ways to find creative motivation

Three ways to find creative motivation

As a writer, I’m well-accustomed to creative blocks. I know what it’s like to sit at my desk, staring at the blinking cursor for what seems like hours. If you sometimes struggle to find creative motivation, I thought I would share the top three tips that help me get unstuck.

Ask others to help keep you accountable

I’ve completed NaNoWriMo (National Novel Writing Month) twice, which is something that still surprises me! The daily word count goals always seem impossible when I start, but at the end of the month I’ve written all 50,000 words that I’m supposed to. Honestly, I think the thing that gets me to the finish line is the fact that I have to post my daily word counts online. The community support is fantastic and really keeps me going, but I think the fear of public failure is my key. Maybe it’s not the cool answer, but for me it’s the truth! If you’re anything like me, you might benefit from a support/accountability network. Recruit a few trusted and honest friends to help you stay on track. To raise the stakes, you might try a site like stickK, where you set goals and can actually lose money if you don’t meet them.

(This year, I’m not officially doing NaNo. Instead, I’m doing a modified version for people who are in the middle of writing a novel. It’s not as focused on the word count as regular NaNo, but I still feel the shame if I have no progress to report to the group!)

Work on another creative project

I believe that creativity is a spectrum, and that it isn’t always expressed in just one way. For example, I’m a writer, but I also love photography. If I’m feeling creatively blocked, I find it can be very helpful to step away from my writing and spend a few minutes composing a photo, or take a walk to the nearest photogenic park. Sometimes the photo will inspire an idea in the novel I’m working on, or even a new idea for another project. I find that the simple process of creativity in one area can spark it in another. Not to mention, your brain relaxes its grip on the Big Problem you’re having, and that can free up space for your creativity to return.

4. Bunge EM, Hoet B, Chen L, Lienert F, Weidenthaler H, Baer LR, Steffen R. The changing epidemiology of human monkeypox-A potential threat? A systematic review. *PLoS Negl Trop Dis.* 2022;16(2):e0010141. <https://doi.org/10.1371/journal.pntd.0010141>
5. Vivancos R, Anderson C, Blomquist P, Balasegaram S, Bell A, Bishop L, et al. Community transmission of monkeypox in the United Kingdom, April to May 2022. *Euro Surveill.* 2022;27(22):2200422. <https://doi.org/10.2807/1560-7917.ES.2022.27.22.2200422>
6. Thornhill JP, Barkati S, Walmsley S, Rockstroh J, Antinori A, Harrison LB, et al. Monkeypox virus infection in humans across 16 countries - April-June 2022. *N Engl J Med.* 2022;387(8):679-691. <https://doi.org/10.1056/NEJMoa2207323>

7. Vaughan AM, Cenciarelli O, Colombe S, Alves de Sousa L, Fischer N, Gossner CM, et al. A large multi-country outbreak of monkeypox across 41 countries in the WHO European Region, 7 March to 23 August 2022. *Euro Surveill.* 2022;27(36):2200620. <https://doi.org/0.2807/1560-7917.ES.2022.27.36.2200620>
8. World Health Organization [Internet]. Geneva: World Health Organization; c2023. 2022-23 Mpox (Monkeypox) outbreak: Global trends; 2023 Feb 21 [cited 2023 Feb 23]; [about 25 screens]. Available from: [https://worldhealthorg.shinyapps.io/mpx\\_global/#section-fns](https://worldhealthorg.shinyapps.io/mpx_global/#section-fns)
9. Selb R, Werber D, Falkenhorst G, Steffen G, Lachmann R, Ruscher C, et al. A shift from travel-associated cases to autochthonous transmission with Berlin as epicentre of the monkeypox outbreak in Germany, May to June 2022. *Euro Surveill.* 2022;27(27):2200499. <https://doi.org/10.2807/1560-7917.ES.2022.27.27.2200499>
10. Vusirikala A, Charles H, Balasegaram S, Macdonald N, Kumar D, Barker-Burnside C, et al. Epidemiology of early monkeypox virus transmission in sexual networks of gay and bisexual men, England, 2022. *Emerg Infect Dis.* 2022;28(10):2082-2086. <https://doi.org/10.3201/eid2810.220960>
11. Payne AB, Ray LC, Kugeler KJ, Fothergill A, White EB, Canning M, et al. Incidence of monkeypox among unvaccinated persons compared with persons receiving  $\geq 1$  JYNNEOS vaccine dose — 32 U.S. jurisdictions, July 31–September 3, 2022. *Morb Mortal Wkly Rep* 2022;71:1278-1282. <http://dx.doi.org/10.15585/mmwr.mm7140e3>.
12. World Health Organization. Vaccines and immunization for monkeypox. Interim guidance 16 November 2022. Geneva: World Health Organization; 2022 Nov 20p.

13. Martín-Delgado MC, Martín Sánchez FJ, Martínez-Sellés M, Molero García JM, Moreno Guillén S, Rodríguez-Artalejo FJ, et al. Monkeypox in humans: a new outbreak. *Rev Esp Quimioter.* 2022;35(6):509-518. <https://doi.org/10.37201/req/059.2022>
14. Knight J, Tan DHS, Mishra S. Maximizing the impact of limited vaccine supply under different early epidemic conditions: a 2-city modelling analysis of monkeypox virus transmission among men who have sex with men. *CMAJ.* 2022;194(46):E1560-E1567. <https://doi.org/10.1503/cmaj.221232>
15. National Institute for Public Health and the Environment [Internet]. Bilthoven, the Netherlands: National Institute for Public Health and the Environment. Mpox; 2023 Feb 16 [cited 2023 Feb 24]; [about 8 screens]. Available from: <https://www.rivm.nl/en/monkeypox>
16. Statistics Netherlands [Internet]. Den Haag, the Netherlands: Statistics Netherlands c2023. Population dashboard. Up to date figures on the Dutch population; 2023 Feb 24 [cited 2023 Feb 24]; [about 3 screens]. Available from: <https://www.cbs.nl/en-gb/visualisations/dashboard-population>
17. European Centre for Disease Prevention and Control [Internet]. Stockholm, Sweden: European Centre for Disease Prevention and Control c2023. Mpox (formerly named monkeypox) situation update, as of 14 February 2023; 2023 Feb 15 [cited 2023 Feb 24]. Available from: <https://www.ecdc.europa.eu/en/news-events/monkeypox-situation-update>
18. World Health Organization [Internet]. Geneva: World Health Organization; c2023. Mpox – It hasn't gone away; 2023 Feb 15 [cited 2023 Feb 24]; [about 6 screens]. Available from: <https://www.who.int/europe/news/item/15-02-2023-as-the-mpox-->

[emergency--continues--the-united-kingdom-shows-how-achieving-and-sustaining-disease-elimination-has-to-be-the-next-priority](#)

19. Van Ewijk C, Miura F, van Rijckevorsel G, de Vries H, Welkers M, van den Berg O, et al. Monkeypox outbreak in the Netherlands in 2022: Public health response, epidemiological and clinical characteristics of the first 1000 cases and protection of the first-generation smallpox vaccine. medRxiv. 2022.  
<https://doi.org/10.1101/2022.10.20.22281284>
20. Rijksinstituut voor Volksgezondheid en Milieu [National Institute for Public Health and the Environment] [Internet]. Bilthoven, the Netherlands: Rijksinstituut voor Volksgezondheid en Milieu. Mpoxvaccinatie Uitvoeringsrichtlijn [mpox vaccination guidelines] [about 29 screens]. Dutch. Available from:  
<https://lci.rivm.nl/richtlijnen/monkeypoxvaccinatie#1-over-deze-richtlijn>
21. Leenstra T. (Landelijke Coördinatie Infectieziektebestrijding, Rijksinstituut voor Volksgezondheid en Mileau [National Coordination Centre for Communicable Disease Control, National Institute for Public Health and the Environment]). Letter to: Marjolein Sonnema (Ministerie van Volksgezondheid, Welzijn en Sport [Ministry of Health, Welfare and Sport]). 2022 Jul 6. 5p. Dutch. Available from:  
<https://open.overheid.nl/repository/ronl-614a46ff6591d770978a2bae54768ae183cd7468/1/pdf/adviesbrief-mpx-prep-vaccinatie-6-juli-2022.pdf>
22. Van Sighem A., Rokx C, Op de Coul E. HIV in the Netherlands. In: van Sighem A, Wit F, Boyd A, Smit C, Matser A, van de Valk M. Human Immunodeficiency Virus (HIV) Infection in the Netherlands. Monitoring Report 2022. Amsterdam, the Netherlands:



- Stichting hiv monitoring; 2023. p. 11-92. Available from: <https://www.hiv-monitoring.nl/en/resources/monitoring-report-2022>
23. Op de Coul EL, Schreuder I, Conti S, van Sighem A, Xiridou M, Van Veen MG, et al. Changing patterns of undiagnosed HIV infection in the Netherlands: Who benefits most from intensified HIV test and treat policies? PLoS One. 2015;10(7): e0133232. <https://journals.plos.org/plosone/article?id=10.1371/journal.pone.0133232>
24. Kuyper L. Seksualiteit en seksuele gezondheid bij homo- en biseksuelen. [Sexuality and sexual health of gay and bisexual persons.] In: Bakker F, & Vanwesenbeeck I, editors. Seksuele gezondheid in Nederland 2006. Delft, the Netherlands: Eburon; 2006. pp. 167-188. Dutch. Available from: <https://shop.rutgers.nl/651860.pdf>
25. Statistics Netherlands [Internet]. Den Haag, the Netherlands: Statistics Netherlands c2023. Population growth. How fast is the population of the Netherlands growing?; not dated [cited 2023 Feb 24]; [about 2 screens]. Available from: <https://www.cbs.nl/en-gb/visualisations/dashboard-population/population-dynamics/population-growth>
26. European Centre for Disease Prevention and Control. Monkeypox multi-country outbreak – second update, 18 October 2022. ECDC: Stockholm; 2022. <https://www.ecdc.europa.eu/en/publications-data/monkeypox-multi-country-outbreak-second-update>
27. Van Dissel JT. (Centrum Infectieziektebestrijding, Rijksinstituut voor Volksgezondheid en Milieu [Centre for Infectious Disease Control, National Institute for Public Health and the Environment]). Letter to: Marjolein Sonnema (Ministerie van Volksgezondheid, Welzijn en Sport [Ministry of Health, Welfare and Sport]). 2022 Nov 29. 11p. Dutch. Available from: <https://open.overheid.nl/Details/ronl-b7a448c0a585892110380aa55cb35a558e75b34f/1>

Forget motivation altogether

Sometimes the weight I give to a thing becomes greater than the thing itself. When I have writer’s block, it’s often because I’ve put myself under too much pressure. I tell myself I have to write a certain amount of words, or write for X number of hours. But, as I wrote about in a previous blog post, any work related to my project sparks my creativity. I don’t even have to actually write any narrative. If I work on chapter outlines or create a character worksheet, I can get motivated to do more. It might feel counter-intuitive, but removing my own expectations of creative motivation helps. When I sit down and work on anything, it tells my brain that I’m ready, and something unlocks. Ask yourself: Is it better to work on your project for five minutes, or not at all? The answer could be liberating.

What about you? What are some of your go-to tips for finding motivation in your creative life?

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